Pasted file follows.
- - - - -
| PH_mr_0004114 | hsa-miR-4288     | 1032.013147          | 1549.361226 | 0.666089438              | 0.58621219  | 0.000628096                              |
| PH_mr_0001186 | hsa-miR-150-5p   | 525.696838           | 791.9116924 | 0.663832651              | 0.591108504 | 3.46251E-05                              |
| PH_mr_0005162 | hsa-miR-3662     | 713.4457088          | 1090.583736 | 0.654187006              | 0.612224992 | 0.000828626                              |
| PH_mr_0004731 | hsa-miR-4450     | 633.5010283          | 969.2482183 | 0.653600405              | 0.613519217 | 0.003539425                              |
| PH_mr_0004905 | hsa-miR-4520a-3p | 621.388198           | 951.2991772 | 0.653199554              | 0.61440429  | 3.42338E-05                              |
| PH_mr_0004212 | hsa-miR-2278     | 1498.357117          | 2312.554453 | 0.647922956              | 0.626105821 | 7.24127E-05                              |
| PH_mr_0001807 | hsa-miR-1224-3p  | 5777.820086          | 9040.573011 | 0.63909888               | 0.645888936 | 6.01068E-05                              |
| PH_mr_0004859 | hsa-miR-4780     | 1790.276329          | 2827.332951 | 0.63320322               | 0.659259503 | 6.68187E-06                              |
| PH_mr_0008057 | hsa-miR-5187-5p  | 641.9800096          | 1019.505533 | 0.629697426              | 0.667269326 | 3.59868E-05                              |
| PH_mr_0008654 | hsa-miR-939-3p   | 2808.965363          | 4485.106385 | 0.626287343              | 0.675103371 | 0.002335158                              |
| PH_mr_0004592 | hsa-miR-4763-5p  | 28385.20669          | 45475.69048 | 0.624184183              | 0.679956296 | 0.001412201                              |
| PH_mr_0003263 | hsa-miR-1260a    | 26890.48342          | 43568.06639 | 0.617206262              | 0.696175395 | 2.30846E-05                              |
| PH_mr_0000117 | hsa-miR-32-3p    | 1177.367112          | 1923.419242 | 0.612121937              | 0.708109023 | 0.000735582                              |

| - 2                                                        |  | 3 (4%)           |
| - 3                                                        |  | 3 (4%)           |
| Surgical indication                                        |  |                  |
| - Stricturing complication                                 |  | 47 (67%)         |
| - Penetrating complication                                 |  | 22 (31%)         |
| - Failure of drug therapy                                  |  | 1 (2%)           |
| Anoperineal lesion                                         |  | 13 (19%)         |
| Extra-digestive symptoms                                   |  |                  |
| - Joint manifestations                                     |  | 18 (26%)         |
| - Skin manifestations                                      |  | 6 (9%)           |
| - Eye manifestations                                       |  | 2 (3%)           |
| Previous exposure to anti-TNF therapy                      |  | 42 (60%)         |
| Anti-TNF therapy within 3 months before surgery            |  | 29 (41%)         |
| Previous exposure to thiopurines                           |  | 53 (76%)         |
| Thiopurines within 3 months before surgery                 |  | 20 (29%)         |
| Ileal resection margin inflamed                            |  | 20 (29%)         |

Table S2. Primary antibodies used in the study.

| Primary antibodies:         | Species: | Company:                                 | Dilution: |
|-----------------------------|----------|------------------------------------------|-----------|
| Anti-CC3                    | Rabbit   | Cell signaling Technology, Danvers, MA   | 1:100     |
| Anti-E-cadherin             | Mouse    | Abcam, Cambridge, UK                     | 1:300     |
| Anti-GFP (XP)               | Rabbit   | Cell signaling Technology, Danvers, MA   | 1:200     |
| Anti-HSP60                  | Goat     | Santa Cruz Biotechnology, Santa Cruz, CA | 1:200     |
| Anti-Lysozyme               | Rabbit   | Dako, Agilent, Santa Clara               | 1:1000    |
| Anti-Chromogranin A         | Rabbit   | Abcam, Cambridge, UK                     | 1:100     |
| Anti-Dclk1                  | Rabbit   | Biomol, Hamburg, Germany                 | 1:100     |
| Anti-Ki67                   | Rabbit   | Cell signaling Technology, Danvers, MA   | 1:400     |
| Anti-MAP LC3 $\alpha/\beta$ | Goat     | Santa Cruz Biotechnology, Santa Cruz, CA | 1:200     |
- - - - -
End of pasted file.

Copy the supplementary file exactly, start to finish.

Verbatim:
| PH_mr_0004114 | hsa-miR-4288     | 1032.013147          | 1549.361226 | 0.666089438              | 0.58621219  | 0.000628096                              |
| PH_mr_0001186 | hsa-miR-150-5p   | 525.696838           | 791.9116924 | 0.663832651              | 0.591108504 | 3.46251E-05                              |
| PH_mr_0005162 | hsa-miR-3662     | 713.4457088          | 1090.583736 | 0.654187006              | 0.612224992 | 0.000828626                              |
| PH_mr_0004731 | hsa-miR-4450     | 633.5010283          | 969.2482183 | 0.653600405              | 0.613519217 | 0.003539425                              |
| PH_mr_0004905 | hsa-miR-4520a-3p | 621.388198           | 951.2991772 | 0.653199554              | 0.61440429  | 3.42338E-05                              |
| PH_mr_0004212 | hsa-miR-2278     | 1498.357117          | 2312.554453 | 0.647922956              | 0.626105821 | 7.24127E-05                              |
| PH_mr_0001807 | hsa-miR-1224-3p  | 5777.820086          | 9040.573011 | 0.63909888               | 0.645888936 | 6.01068E-05                              |
| PH_mr_0004859 | hsa-miR-4780     | 1790.276329          | 2827.332951 | 0.63320322               | 0.659259503 | 6.68187E-06                              |
| PH_mr_0008057 | hsa-miR-5187-5p  | 641.9800096          | 1019.505533 | 0.629697426              | 0.667269326 | 3.59868E-05                              |
| PH_mr_0008654 | hsa-miR-939-3p   | 2808.965363          | 4485.106385 | 0.626287343              | 0.675103371 | 0.002335158                              |
| PH_mr_0004592 | hsa-miR-4763-5p  | 28385.20669          | 45475.69048 | 0.624184183              | 0.679956296 | 0.001412201                              |
| PH_mr_0003263 | hsa-miR-1260a    | 26890.48342          | 43568.06639 | 0.617206262              | 0.696175395 | 2.30846E-05                              |
| PH_mr_0000117 | hsa-miR-32-3p    | 1177.367112          | 1923.419242 | 0.612121937              | 0.708109023 | 0.000735582                              |

| - 2                                                        |  | 3 (4%)           |
| - 3                                                        |  | 3 (4%)           |
| Surgical indication                                        |  |                  |
| - Stricturing complication                                 |  | 47 (67%)         |
| - Penetrating complication                                 |  | 22 (31%)         |
| - Failure of drug therapy                                  |  | 1 (2%)           |
| Anoperineal lesion                                         |  | 13 (19%)         |
| Extra-digestive symptoms                                   |  |                  |
| - Joint manifestations                                     |  | 18 (26%)         |
| - Skin manifestations                                      |  | 6 (9%)           |
| - Eye manifestations                                       |  | 2 (3%)           |
| Previous exposure to anti-TNF therapy                      |  | 42 (60%)         |
| Anti-TNF therapy within 3 months before surgery            |  | 29 (41%)         |
| Previous exposure to thiopurines                           |  | 53 (76%)         |
| Thiopurines within 3 months before surgery                 |  | 20 (29%)         |
| Ileal resection margin inflamed                            |  | 20 (29%)         |

Table S2. Primary antibodies used in the study.

| Primary antibodies:         | Species: | Company:                                 | Dilution: |
|-----------------------------|----------|------------------------------------------|-----------|
| Anti-CC3                    | Rabbit   | Cell signaling Technology, Danvers, MA   | 1:100     |
| Anti-E-cadherin             | Mouse    | Abcam, Cambridge, UK                     | 1:300     |
| Anti-GFP (XP)               | Rabbit   | Cell signaling Technology, Danvers, MA   | 1:200     |
| Anti-HSP60                  | Goat     | Santa Cruz Biotechnology, Santa Cruz, CA | 1:200     |
| Anti-Lysozyme               | Rabbit   | Dako, Agilent, Santa Clara               | 1:1000    |
| Anti-Chromogranin A         | Rabbit   | Abcam, Cambridge, UK                     | 1:100     |
| Anti-Dclk1                  | Rabbit   | Biomol, Hamburg, Germany                 | 1:100     |
| Anti-Ki67                   | Rabbit   | Cell signaling Technology, Danvers, MA   | 1:400     |
| Anti-MAP LC3 $\alpha/\beta$ | Goat     | Santa Cruz Biotechnology, Santa Cruz, CA | 1:200     |